Level 3: Conditionally Generative. Generative content in-the-loop utilizes rule-based systems (such as RLHF) to maintain consistency & structure.
Level 4: Highly Generative. “Game as Dungeon Master,” the game understands what a player likes most and personalizes/adapts experience.
Level 5: Full Computational Creativity. Explores the search space of human fun: like a game-designer friend who comes up with new systems.
A Future of Innovation & Disruption
What level of generative technology do you aspire to in your own games and virtual worlds? What sort of features do you imagine? I encourage everyone to look beyond the productivity-enhancing tools (as astonishing and important as they are) to probe what it will mean to have generative AI as part of the core game loop of entirely new experiences.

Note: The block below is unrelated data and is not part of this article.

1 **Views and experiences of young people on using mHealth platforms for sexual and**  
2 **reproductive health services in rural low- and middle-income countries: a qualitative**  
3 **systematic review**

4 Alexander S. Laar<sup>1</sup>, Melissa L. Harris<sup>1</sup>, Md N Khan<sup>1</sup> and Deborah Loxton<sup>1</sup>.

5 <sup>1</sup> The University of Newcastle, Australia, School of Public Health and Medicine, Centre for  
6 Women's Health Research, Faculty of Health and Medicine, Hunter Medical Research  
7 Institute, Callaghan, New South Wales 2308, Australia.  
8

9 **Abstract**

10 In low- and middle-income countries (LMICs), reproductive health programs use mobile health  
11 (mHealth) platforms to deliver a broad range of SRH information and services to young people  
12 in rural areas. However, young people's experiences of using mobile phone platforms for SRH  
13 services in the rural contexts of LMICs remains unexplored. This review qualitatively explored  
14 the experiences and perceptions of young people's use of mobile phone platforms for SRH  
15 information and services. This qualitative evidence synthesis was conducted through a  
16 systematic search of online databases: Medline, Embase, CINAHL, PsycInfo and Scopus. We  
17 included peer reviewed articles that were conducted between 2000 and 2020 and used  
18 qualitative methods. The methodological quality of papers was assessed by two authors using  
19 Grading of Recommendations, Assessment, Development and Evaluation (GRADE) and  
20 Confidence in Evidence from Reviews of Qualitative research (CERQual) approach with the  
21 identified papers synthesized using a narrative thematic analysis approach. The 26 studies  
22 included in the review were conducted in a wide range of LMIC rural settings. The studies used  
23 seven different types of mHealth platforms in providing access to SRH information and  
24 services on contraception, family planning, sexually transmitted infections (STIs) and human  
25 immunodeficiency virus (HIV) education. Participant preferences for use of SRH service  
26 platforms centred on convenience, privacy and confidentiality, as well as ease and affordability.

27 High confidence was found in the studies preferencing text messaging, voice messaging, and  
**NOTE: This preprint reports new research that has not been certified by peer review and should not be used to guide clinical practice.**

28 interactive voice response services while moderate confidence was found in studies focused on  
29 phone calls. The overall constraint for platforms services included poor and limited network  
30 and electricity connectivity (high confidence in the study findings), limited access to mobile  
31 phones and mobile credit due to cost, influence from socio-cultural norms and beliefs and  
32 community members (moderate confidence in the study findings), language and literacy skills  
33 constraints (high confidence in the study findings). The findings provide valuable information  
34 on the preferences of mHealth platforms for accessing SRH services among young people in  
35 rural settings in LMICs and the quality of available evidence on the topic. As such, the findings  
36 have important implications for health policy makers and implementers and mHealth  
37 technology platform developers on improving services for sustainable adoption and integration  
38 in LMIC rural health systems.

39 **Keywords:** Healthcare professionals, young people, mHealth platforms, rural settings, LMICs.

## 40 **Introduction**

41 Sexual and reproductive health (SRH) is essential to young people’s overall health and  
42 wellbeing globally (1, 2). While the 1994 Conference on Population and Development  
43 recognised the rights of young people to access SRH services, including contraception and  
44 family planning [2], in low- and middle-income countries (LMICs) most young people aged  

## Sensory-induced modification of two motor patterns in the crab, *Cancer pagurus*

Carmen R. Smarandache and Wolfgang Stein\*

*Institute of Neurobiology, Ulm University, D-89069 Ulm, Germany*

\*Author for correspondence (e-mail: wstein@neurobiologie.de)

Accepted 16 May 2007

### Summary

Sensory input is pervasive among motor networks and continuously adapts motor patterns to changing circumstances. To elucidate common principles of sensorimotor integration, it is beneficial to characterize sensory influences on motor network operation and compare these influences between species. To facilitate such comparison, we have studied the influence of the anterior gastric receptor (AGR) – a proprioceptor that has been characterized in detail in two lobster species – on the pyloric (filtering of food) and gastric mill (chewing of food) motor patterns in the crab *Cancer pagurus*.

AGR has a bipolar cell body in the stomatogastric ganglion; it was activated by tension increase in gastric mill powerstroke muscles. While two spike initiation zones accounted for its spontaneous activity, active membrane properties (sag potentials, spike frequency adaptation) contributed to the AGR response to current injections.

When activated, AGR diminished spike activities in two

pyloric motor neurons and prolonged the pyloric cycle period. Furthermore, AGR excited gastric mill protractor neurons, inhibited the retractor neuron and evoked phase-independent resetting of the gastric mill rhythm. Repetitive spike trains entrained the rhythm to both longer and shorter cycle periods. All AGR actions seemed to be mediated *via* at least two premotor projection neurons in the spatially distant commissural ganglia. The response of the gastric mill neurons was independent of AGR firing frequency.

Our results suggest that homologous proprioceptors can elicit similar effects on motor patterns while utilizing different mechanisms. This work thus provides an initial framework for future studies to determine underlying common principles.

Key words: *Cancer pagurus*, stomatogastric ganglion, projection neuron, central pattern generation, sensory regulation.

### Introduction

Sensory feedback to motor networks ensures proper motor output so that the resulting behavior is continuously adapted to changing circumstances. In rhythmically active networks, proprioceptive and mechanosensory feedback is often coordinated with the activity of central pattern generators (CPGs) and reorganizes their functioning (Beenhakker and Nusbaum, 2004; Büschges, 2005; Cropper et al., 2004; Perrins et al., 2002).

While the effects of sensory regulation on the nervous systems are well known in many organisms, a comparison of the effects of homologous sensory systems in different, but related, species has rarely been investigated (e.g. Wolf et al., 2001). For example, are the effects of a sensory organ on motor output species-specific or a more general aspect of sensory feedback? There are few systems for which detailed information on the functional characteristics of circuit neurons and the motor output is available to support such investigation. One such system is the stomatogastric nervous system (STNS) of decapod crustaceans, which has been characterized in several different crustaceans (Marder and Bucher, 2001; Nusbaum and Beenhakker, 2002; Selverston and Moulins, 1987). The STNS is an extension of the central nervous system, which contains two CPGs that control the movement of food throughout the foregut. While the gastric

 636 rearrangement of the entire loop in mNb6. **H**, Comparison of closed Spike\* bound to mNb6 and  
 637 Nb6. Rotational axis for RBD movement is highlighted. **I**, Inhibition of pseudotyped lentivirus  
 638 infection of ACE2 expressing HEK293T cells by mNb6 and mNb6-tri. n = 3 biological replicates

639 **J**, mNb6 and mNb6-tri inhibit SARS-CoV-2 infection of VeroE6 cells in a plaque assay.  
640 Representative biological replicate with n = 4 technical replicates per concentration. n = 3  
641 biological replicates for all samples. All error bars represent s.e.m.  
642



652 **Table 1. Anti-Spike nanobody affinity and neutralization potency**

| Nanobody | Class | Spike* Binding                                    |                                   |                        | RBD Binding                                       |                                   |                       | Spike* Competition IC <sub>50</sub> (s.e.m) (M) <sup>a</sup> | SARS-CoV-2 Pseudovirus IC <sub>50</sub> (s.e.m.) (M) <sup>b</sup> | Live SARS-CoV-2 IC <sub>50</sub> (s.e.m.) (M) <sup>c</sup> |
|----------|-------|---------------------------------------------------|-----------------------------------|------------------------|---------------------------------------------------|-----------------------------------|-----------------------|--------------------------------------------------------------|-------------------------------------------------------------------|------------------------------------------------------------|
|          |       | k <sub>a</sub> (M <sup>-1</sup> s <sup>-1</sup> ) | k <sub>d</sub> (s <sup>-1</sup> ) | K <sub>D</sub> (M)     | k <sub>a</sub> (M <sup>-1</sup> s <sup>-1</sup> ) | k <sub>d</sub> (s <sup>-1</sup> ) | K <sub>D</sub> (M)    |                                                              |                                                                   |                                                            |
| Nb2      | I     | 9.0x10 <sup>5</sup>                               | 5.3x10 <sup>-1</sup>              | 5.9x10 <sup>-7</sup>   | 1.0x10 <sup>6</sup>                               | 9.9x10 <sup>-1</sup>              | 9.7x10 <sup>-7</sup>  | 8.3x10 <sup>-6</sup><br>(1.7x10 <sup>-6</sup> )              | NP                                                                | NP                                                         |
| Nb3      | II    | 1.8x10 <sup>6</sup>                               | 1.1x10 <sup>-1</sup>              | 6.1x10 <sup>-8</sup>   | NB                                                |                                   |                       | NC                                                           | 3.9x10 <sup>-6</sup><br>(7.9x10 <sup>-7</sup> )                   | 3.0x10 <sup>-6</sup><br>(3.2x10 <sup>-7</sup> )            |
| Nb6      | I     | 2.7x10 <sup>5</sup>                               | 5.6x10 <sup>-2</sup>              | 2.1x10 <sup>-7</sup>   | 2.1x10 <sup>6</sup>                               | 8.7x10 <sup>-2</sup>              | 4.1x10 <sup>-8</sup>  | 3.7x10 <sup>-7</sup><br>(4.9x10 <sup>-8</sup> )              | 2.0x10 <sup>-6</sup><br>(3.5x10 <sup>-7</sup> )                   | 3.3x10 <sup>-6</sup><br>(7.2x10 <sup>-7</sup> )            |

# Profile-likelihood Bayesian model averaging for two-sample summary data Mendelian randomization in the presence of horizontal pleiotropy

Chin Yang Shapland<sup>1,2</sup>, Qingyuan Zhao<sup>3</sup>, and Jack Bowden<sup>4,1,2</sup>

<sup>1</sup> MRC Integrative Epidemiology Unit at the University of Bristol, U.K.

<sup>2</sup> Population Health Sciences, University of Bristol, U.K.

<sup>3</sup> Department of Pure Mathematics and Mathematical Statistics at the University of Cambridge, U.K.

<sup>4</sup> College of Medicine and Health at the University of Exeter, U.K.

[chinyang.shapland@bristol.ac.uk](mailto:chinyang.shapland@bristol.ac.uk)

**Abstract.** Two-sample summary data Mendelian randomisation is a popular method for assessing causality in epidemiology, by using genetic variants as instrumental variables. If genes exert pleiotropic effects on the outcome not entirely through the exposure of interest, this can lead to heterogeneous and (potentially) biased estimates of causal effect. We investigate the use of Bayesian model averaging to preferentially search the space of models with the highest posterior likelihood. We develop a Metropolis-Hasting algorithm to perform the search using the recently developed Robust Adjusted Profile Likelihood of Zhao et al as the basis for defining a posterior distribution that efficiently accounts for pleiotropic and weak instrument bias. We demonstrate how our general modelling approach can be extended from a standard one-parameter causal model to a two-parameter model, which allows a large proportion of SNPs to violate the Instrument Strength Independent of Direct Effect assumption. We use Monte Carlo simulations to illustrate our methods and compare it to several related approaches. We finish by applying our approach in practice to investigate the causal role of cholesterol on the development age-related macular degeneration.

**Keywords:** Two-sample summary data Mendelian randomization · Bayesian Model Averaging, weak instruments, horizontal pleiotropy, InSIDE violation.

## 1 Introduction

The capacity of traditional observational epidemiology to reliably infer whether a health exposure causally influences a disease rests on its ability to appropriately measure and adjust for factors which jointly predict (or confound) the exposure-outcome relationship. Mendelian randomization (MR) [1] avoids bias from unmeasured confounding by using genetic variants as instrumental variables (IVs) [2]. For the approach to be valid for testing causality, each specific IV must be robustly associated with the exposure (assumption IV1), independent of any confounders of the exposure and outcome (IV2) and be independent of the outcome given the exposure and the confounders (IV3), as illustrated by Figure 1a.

The Generative AI Canon is a guide to learning the most important writing and information about genAI, from concepts to the technical theory.
The Direct-from-Imagination Era Has Begun is where I present the converging technologies that will enable us to go instantly from idea to experience.
Composability is the Most Powerful Creative Force in the Universe introduces some concepts about how we’re always building on the shoulders of giants — and how technologies like frameworks and AI will play an important part.
Computational Creativity is my article on how an individual person will eventually make something at the level of sophstication present in Elden Ring. I originally guessed it would take a decade, but that’s starting to seem too long.
Market Map of Generative AI for Virtual Worlds extends the thinking in this article into a map of the companies who are building or leveraging generative AI to push for Level 3 and beyond.
If you enjoyed this, you may also like having the core concepts in a convenient deck format to share with your colleagues and friends: